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Project aims to highlight sacrifice of nursing workforce in First World War

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An amateur researcher is seeking to catalogue the names and resting places of nurses killed in action during the First World War.

Tanya Birnie, who lives nearby the Somme Battlefields in northern France, has visited many cemeteries over the last year in her quest.

“The nurses played a huge role in the day to day life and survival of the men fighting… as so often said, they were the unsung heroines,” she told Nursing Times.

“The nurses played a huge role in the day to day life and survival of the men fighting… as so often said, they were the unsung heroines”

Tanya Birnie

Ms Birnie started the list using some information given to be her by a historian friend, but said “more and more names are being suggested to me all the time”.

She has currently logged the names of 1,500 nurses killed during WWI and has taken around 200 photos of their graves and memorials.

“At this very point in time, I am gathering pictures of nurses headstones, along with photos of the nurses themselves if I can find them,” she told Nursing Times.

“What I would eventually like to do, when I have gathered all of this is do a very small write up on each of the nurses, their age, service, where they are buried etc.

Ms Birnie said she wanted to complete the project by the end of 2018, to coincide with the centenary of the end of WWI, when she hopes to have enough material to publish in some form.

“As you can imagine, it is a slow process, as there were so many nurses who served during WWI,” she told Nursing Times.

She said: “I was swayed towards WWI after my first visit to the Somme and the horrors of what the men and women went through.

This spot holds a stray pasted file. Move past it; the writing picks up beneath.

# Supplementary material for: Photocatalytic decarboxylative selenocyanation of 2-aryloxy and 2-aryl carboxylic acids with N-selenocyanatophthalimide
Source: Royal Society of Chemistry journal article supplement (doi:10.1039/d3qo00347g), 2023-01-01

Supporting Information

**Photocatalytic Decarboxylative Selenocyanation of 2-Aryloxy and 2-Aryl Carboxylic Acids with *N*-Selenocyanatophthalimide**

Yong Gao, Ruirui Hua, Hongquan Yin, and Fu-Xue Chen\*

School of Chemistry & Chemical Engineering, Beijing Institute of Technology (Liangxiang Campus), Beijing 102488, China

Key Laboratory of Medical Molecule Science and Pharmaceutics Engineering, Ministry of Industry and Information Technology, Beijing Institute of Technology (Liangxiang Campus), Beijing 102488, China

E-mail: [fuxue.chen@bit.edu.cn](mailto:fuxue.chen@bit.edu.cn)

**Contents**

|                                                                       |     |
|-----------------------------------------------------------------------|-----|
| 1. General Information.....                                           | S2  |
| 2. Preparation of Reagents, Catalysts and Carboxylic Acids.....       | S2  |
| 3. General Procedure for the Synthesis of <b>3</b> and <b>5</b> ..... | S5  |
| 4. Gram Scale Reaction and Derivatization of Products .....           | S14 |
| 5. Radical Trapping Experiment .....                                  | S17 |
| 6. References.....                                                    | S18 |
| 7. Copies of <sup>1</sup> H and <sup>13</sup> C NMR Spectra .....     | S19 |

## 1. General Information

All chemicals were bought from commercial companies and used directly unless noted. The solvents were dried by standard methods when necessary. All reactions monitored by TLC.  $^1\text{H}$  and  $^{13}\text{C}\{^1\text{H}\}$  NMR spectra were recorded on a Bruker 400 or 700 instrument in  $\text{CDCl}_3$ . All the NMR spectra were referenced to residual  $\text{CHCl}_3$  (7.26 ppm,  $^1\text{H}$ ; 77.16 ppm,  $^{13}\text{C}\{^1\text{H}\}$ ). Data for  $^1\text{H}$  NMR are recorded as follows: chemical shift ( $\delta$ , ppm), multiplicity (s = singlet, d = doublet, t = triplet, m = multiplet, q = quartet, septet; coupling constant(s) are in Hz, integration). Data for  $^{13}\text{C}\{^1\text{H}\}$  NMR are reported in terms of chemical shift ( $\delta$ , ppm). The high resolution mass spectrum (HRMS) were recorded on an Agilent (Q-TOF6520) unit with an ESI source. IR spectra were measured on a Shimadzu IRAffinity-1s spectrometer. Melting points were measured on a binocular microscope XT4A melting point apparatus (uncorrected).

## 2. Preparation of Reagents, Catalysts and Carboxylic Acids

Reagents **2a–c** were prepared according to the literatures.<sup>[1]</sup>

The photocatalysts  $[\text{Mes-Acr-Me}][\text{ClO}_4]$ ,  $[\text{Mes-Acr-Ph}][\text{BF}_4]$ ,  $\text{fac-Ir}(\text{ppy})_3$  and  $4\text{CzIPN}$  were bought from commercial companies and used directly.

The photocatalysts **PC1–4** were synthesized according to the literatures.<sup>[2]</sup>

“I was deeply moved and taken in by the serenity and peacefulness of the cemeteries and the area in which we are,” she added.

Ms Birnie has begun to upload some of the information and pictures she has gathered so far on a website. Anyone wishing to help with her research, can contact her via


Some of the First World War nurses that Tanya Birnie has identified:

Caroline Maud Edwards, a sister in the Queen Alexandra’s Royal Navy Nursing Service. She died on 30 December 1915 when an internal explosion took hold of the ship HMS Natal while it was an anchor in part of the Moray Firth in Scotland. She was serving on board the hospital ship Drina but had been invited aboard the nearby warship for a party hosted by the captain.

First World War

Caroline Edwards

First World War

A memorial stone for Caroline Edwards

Mary Elizabeth Wills, a staff nurse in the Territorial Nursing Service. She died on 30 March 1918, aged 33, and is buried in Jarrow Cemetery. Her name is also recorded on a marble tablet in the Royal Garrison Church in Aldershot. Her brother John George Wills was also killed during the war.

First World War

Mary Wills

First World War

The grave of Mary Wills

Kathleen Adele Brennan, who served in the Australian Army Nursing Service. She died in Leicester on 24 November 1918 during the influenza outbreak that immediately followed the war. She is buried in the city’s Welford Road Cemetery.

First World War

Kathleen Brennan

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